• Eeny, Meeny, Miny, Moe

    Not another dadgummed shirt kerfuffle. A couple years ago, it was scientist Matt Taylor’s allegedly misogynistic pictorial fashion choice. This week, it’s a deeply racist Walking Dead t-shirt, featuring a picture of Lucille the Baseball Bat in all her barbed-wire-wrapped glory, with the shocking text eeny meeny miny moe.

    Now, those of us who have been mesmerized by TWD for the last few years know exactly what the shirt is talking about: the brutal Season 6 cliffhanger and even more brutal Season 7 opener, wherein hypervillain Negan gives old Lucille quite the workout. Indeed, there is a whole genre of t-shirts commemorating that episode, some of them rather tactlessly described as “eye-popping.”

    [In the interests of full disclosure, that whole Negan event horizon killed TWD for me—not because it was violent and included character deaths, since we’re used to that, but because it was dull. Negan would just not shut up. It was all talk-talk-talk THWACK talk-talk-talk THWACK talk-talk-talk THWACK. Ho hum.]

    Anyway, one Methodist clergyman from Yorkshire evidently does not know his TWD Ps and Qs.  Walking into a Primark store in Sheffield, Ian Lucraft and his wife were horrified to see a certain TWD shirt on sale, and he wrote immediately to Primark management to let his feelings be known:

    We were shocked when we came face to face with a new t-shirt with a racially explicit graphic and text. It was fantastically offensive and I can only assume that no-one in the process of ordering it knew what they were doing or were aware of its subliminal messages.

    The slogan is “Eeeny meenie miny moe…..” It stops there, but of course we all know what the original said: “catch a n***** by his toe.

    The graphic has a large American baseball bat, wrapped round with barbed wire, and covered with blood. This image relates directly to the practice of assaulting black people in America.

    It is directly threatening of a racist assault, and if I were black and were faced by a wearer I would know just where I stood.

    Okay, hands up, any of you who have ever heard anyone use the pre-tiger version of this counting rhyme?  How many millennials and Gen-Xers have even heard of it? It was expunged so long ago that I could barely remember it myself, and it is the tiger that leaps to my tongue. And if you look at the history of the rhyme, the “nigger” version isn’t even the original. You really have to work the butt off the etymological fallacy to turn “eeny meeny miny moe” into a racist threat.

    But what did Primark do? They forthwith pulled the shirt off the shelves. Which leads me to two unhappy observations. In this culture of offense, a virtue-signalling ignoramus can find something offensive in almost anything; second, people like the Primark executives are so terrified of putting a foot wrong that they will take that ignoramus seriously. This scares me far more than Lucille the Barbed-Wire Bat.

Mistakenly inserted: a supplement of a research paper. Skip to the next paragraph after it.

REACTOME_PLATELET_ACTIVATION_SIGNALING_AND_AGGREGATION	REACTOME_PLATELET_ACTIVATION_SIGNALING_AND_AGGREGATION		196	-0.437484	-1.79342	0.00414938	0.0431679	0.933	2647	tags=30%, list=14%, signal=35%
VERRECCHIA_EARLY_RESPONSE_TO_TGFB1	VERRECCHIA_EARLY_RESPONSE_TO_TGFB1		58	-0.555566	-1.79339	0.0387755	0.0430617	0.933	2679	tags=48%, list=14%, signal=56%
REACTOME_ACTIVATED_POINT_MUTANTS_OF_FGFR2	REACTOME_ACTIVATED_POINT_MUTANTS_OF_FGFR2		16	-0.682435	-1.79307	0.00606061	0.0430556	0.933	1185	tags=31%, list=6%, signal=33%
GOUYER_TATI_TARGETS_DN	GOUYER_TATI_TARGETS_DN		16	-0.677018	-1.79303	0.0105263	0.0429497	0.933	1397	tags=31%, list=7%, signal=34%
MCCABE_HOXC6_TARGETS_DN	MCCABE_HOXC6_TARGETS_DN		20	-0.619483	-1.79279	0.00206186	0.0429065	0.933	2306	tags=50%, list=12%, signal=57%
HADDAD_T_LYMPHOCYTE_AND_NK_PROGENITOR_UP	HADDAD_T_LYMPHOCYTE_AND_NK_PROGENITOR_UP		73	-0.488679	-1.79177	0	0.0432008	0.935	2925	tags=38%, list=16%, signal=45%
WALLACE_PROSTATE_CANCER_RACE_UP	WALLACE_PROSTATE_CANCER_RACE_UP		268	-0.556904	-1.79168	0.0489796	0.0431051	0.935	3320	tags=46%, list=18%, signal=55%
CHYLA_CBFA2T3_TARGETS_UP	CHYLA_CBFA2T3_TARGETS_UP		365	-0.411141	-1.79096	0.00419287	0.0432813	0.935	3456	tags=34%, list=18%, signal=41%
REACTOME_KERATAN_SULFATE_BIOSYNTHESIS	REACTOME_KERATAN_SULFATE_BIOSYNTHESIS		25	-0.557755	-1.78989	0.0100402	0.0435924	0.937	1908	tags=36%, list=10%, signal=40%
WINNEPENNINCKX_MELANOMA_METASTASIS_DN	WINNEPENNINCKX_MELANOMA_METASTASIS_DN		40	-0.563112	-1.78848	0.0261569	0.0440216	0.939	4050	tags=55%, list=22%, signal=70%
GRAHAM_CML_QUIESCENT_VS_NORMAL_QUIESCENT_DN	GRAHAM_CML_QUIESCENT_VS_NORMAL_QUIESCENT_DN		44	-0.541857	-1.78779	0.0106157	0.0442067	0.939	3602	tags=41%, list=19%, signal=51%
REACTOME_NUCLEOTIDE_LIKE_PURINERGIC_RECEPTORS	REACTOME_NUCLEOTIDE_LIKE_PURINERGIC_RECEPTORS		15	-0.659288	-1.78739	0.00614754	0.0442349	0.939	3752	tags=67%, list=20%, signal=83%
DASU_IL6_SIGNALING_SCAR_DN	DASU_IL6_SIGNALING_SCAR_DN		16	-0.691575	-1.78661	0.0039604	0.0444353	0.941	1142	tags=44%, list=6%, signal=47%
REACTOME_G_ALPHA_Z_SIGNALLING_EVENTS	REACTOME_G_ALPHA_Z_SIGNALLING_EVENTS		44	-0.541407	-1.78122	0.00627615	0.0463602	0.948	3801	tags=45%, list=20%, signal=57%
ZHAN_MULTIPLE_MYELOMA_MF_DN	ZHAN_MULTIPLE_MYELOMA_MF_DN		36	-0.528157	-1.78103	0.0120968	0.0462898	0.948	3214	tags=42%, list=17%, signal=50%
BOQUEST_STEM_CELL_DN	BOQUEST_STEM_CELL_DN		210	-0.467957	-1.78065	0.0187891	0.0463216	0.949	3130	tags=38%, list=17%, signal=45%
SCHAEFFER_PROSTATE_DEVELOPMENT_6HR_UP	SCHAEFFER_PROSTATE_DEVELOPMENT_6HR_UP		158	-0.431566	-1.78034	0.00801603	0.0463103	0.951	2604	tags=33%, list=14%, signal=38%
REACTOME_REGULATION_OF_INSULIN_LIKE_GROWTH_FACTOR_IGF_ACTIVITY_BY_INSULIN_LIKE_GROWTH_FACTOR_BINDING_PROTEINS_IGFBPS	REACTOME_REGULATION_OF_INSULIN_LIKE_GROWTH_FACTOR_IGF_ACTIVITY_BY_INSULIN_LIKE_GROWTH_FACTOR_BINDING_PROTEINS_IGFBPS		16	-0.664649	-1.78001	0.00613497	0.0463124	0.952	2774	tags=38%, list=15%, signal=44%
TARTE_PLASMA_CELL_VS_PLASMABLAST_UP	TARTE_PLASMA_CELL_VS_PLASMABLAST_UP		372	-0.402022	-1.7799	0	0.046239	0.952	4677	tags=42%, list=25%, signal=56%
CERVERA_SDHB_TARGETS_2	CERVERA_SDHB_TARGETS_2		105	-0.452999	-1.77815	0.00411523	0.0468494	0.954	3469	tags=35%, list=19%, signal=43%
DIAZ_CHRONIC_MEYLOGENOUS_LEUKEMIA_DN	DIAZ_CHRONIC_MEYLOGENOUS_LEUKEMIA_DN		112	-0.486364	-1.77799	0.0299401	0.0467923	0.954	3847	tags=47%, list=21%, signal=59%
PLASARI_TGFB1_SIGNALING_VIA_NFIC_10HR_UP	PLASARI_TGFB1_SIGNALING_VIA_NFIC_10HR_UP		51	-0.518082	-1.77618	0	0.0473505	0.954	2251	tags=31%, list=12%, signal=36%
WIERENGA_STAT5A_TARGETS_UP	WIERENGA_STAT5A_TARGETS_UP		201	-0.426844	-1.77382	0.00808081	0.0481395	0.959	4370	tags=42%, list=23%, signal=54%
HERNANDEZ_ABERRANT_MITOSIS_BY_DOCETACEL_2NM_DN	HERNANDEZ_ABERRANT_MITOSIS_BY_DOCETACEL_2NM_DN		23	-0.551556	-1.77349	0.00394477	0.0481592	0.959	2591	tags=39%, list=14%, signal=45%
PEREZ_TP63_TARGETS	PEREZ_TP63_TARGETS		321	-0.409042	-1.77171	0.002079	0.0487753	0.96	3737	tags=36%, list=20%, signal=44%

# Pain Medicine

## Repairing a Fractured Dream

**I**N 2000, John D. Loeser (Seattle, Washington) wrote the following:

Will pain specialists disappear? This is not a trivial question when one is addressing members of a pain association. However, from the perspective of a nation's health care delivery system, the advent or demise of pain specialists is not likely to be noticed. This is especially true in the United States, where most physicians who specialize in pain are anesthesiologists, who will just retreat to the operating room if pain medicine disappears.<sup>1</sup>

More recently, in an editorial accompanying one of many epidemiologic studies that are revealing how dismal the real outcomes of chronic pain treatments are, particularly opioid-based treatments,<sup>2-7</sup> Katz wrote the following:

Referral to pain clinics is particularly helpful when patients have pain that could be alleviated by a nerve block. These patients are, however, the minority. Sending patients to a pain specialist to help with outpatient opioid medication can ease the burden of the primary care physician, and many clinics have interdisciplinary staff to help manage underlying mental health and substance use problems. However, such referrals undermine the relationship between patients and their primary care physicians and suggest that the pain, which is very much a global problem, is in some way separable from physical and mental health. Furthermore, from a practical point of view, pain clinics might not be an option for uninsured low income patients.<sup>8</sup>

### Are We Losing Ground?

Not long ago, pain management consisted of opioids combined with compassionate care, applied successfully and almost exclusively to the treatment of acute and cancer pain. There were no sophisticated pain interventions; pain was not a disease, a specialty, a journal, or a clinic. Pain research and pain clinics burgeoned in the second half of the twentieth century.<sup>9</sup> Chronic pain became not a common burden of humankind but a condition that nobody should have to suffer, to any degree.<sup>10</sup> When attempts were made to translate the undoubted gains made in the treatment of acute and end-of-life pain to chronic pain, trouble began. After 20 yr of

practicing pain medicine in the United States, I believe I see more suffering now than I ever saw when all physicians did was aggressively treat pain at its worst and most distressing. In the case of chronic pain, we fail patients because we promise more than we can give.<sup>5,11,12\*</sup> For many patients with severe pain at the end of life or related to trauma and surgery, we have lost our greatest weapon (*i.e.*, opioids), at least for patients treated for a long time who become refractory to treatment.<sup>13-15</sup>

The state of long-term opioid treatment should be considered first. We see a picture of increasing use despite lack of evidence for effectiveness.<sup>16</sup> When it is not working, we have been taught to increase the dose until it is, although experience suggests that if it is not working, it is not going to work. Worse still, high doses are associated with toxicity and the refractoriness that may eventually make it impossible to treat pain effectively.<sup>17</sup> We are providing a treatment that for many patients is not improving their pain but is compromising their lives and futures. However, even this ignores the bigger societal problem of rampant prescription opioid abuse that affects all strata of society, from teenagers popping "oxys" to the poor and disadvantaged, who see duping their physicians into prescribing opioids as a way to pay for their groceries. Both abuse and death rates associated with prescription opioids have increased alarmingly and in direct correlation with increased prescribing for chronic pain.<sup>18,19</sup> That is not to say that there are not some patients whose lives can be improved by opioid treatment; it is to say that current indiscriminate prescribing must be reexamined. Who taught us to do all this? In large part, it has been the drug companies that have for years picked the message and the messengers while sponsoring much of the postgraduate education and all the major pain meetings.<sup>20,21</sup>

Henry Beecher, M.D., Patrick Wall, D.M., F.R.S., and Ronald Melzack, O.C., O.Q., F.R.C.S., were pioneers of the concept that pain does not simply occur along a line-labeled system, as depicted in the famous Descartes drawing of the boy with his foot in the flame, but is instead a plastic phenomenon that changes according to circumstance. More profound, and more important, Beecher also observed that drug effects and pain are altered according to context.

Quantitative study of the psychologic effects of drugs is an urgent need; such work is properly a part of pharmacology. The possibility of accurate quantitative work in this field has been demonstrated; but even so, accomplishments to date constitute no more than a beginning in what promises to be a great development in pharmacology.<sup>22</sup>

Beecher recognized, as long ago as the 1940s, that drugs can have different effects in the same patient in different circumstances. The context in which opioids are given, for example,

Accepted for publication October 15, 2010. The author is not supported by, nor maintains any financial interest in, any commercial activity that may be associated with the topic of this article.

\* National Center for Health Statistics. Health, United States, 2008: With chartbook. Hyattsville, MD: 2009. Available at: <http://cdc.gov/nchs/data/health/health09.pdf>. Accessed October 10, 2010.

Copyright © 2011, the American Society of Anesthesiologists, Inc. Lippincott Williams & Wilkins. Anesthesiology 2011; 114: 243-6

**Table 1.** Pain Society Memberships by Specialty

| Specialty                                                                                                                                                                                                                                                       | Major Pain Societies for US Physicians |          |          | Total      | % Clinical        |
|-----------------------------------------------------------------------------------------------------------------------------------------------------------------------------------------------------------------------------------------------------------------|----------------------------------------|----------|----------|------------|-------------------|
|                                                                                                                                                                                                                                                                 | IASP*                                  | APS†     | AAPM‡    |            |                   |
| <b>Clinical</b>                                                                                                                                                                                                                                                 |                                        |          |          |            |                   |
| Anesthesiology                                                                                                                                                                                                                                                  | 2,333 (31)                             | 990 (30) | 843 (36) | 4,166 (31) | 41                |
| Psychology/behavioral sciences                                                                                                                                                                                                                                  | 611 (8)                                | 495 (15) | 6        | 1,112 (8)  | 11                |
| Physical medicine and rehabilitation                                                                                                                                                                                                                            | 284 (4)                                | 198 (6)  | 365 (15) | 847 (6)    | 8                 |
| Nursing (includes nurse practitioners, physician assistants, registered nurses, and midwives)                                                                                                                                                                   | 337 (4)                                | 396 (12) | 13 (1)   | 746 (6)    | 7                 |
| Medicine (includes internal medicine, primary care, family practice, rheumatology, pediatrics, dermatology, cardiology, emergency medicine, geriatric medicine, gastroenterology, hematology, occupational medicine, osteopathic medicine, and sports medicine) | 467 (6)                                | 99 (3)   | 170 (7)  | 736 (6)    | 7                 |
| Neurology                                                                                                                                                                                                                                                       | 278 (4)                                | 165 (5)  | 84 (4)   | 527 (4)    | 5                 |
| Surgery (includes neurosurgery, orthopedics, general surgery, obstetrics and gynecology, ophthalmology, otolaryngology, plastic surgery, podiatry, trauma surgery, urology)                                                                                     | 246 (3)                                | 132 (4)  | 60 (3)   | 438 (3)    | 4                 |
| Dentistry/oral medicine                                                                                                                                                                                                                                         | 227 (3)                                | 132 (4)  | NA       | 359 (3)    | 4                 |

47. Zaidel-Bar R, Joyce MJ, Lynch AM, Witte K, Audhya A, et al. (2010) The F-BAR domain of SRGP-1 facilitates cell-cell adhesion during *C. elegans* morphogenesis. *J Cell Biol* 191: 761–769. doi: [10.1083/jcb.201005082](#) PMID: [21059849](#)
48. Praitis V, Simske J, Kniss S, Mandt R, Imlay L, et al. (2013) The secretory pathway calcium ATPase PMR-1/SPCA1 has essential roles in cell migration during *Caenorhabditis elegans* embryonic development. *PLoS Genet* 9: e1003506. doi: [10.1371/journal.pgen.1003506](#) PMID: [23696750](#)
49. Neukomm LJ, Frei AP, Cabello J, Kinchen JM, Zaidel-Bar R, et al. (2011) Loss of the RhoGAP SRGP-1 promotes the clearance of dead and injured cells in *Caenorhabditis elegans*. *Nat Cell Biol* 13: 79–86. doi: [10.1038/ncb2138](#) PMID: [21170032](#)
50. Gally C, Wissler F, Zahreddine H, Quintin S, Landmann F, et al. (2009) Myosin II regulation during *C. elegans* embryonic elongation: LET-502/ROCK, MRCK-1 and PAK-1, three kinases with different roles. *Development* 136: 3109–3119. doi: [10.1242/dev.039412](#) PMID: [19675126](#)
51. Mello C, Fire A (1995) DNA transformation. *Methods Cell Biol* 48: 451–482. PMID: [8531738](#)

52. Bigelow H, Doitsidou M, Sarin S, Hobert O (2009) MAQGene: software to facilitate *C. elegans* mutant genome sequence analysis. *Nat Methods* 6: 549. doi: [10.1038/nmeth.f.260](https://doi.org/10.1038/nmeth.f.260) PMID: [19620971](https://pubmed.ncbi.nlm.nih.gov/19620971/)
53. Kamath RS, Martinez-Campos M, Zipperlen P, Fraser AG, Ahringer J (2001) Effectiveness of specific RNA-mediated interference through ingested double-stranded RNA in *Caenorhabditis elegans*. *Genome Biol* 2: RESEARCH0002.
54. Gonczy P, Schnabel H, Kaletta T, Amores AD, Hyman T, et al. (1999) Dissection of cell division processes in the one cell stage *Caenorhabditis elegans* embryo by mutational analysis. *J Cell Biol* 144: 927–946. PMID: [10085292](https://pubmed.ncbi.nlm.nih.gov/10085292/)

Well, I may find Negan to be a rambling bore, but the actor who plays him sums the situation up in a few masterful words: “Holy crap people are stupid.”

    Category: FeaturedSecularism

    Article by: Rebecca Bradley

    4 comments

    1. When I first looked at the T-shirt I had the same reaction the minister did because I’m old enough to remember the ugly ending to the phrase “Eeny, Meeny, Miny, Moe” and the horrific history of the usage of that ugly expression. I grew up in Northeastern USA and even in the Northern states that ugly rhyme was used. I was chastised for using the ugly version I had learned while playing Double Dutch jump rope in the schoolyard with friends when I was 6 years old and, when I was told the reason why I shouldn’t say it, I was thoroughly ashamed for ever having used that phrase. People who were appalled by the racially motivated attacks going on in America before and during the civil rights movement in the 60s understood how revolting the sentiment in that rhyme was. I was born in 1955 so I’m not some ancient relic of a by-gone era. And, my husband, who was born in 1963, has heard the ugly version.

      I would not have demanded that the shirt be removed from the shelves but I would have found it most unfortunate that so many people no longer know the appalling history associated with that rhyme and, therefore, are willing to wear that T-Shirt. Quite frankly, I don’t give a damn if it was used In “The Walking Dead” and millennials and Gen-Xers have never heard the ugly version of the rhyme. As far as I’m concerned that just shows their ignorance. (And, “ignorant” would have been a better choice of word rather than “stupid” which the actor used in that tweet. Only knowing the painful history of a rhyme because one doesn’t watch TWD doesn’t make someone stupid.)

      1. So do you contend that this counting rhyme is irretrievably tarnished because of an ugly version that hasn’t been in use for over fifty years? That the millions of kids, black and white, who use the modern version in the playground are committing a racist act without knowing it? Really?

      2. I can’t believe a guy who beats people to death with a baseball bat wrapped in barbwire would use bad words.

        His mother must be so disappointed in him.

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